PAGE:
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Detection and Quantification of Protein Post-Translational Modifications Using Novel Microchannel Plate Autoradiographic Imagers | OMICS International | Abstract
ISSN: 2161-0444

Medicinal Chemistry
Open Access

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Research Article

Detection and Quantification of Protein Post-Translational Modifications Using Novel Microchannel Plate Autoradiographic Imagers

Wayne Grant Carter*

School of Graduate Entry Medicine & Health, University of Nottingham Medical School, Royal Derby Hospital Centre, Derby DE22 3DT, UK

*Corresponding Author:
Wayne Grant Carter
School of Graduate Entry Medicine & Health,
University of Nottingham Medical School
Royal Derby Hospital Centre Derby DE22 3DT, UK,
Tel: +44 (0)1332 724738
Fax: +44 (0)1332 724626
E-mail: [email protected]

Received date: November 17, 2012; Accepted date: November 23, 2012; Published November 26, 2012

Citation: Carter WG (2012) Detection and Quantification of Protein Post-Translational Modifications Using Novel Microchannel Plate Autoradiographic Imagers. Med chem S11:001. doi:10.4172/2161-0444.S11-001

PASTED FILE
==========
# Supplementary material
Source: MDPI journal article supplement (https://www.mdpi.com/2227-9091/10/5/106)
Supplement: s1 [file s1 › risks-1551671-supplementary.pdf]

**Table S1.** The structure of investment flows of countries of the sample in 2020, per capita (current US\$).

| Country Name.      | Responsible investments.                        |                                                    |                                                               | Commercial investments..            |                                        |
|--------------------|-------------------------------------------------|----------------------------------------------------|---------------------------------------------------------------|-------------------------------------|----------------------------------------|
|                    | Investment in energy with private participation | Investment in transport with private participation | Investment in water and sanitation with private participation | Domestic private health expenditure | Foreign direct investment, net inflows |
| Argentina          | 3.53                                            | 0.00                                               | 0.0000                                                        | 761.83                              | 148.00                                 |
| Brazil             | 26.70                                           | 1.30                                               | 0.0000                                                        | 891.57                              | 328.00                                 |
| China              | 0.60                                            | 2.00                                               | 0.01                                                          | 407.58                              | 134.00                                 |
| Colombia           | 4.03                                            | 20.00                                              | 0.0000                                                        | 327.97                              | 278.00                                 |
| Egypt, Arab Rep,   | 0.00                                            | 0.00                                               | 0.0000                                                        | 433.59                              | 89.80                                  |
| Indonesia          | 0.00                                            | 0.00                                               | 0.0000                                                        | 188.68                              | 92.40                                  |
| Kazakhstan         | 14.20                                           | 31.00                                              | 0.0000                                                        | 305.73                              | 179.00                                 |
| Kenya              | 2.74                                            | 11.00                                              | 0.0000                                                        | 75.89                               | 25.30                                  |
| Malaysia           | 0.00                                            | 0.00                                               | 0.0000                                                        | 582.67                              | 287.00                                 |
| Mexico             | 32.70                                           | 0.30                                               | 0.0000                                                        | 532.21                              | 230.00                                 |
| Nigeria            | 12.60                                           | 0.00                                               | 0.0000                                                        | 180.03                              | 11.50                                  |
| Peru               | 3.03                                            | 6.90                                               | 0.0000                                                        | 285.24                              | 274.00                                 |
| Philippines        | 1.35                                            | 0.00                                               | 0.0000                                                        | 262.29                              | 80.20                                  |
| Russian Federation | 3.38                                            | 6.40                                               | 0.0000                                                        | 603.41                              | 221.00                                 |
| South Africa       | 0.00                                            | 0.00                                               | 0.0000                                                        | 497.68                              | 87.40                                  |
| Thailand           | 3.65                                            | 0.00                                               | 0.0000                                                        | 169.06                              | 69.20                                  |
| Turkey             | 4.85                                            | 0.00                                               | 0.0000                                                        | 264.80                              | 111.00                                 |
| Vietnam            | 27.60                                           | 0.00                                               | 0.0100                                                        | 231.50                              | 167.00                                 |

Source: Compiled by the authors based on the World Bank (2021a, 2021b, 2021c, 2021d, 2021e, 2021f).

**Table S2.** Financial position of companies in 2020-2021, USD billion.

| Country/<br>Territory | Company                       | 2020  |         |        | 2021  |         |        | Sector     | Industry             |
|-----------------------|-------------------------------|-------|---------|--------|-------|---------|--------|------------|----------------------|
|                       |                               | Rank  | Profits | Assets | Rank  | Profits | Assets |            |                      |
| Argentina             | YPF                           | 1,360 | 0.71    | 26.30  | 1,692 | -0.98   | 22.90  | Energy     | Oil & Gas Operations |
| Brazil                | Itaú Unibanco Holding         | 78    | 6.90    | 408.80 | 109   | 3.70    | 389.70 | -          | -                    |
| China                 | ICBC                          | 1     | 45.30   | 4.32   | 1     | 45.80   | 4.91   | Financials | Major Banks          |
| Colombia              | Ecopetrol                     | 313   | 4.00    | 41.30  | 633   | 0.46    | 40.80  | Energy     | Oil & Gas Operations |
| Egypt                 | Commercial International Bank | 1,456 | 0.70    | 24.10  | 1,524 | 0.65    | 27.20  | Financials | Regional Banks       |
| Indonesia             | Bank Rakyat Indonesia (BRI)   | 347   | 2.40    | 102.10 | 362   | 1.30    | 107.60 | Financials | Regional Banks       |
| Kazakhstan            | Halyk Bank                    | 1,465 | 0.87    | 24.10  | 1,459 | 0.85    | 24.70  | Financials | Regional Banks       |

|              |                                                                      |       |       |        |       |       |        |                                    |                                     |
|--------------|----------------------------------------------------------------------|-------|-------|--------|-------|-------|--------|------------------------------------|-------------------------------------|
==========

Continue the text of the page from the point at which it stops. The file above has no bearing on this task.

Copyright: © 2012 Carter WG. This is an open-access article distributed under the terms of the Creative Commons Attribution License, which permits unrestricted use, distribution, and reproduction in any medium, provided the original author and source are credited.

Abstract

It is likely that all proteins are modified post-translationally, either enzymatically or non-enzymatically. Scientists have continued to develop suitable methodologies in order to study the ever burgeoning list of protein post-translational modifications (PTMs). For the study of PTMs, one must consider suitable assays by which the target protein can be detected, the site(s) of PTM determined, the stoichiometry and stability of the PTM evaluated, and the biological outcome of the modification assessed. Historically, one of the methods of choice for identifying which protein is modified, and the site and stoichiometry of modification, has been the utilisation of commercial radiochemicals. Of these, tritium (3H) has excellent potential to facilitate analyses of biochemical reactions, but has the weakest signal strength of the commonly employed biological β-emitters. Hence development of imaging devices that are superior to conventional film autoradiography will enable a better exploitation of the universal application of 3H for measuring PTMs. Herein, we discuss the current application of film autoradiography and the advantages of using microchannel plate (MCP) autoradiographic imagers.

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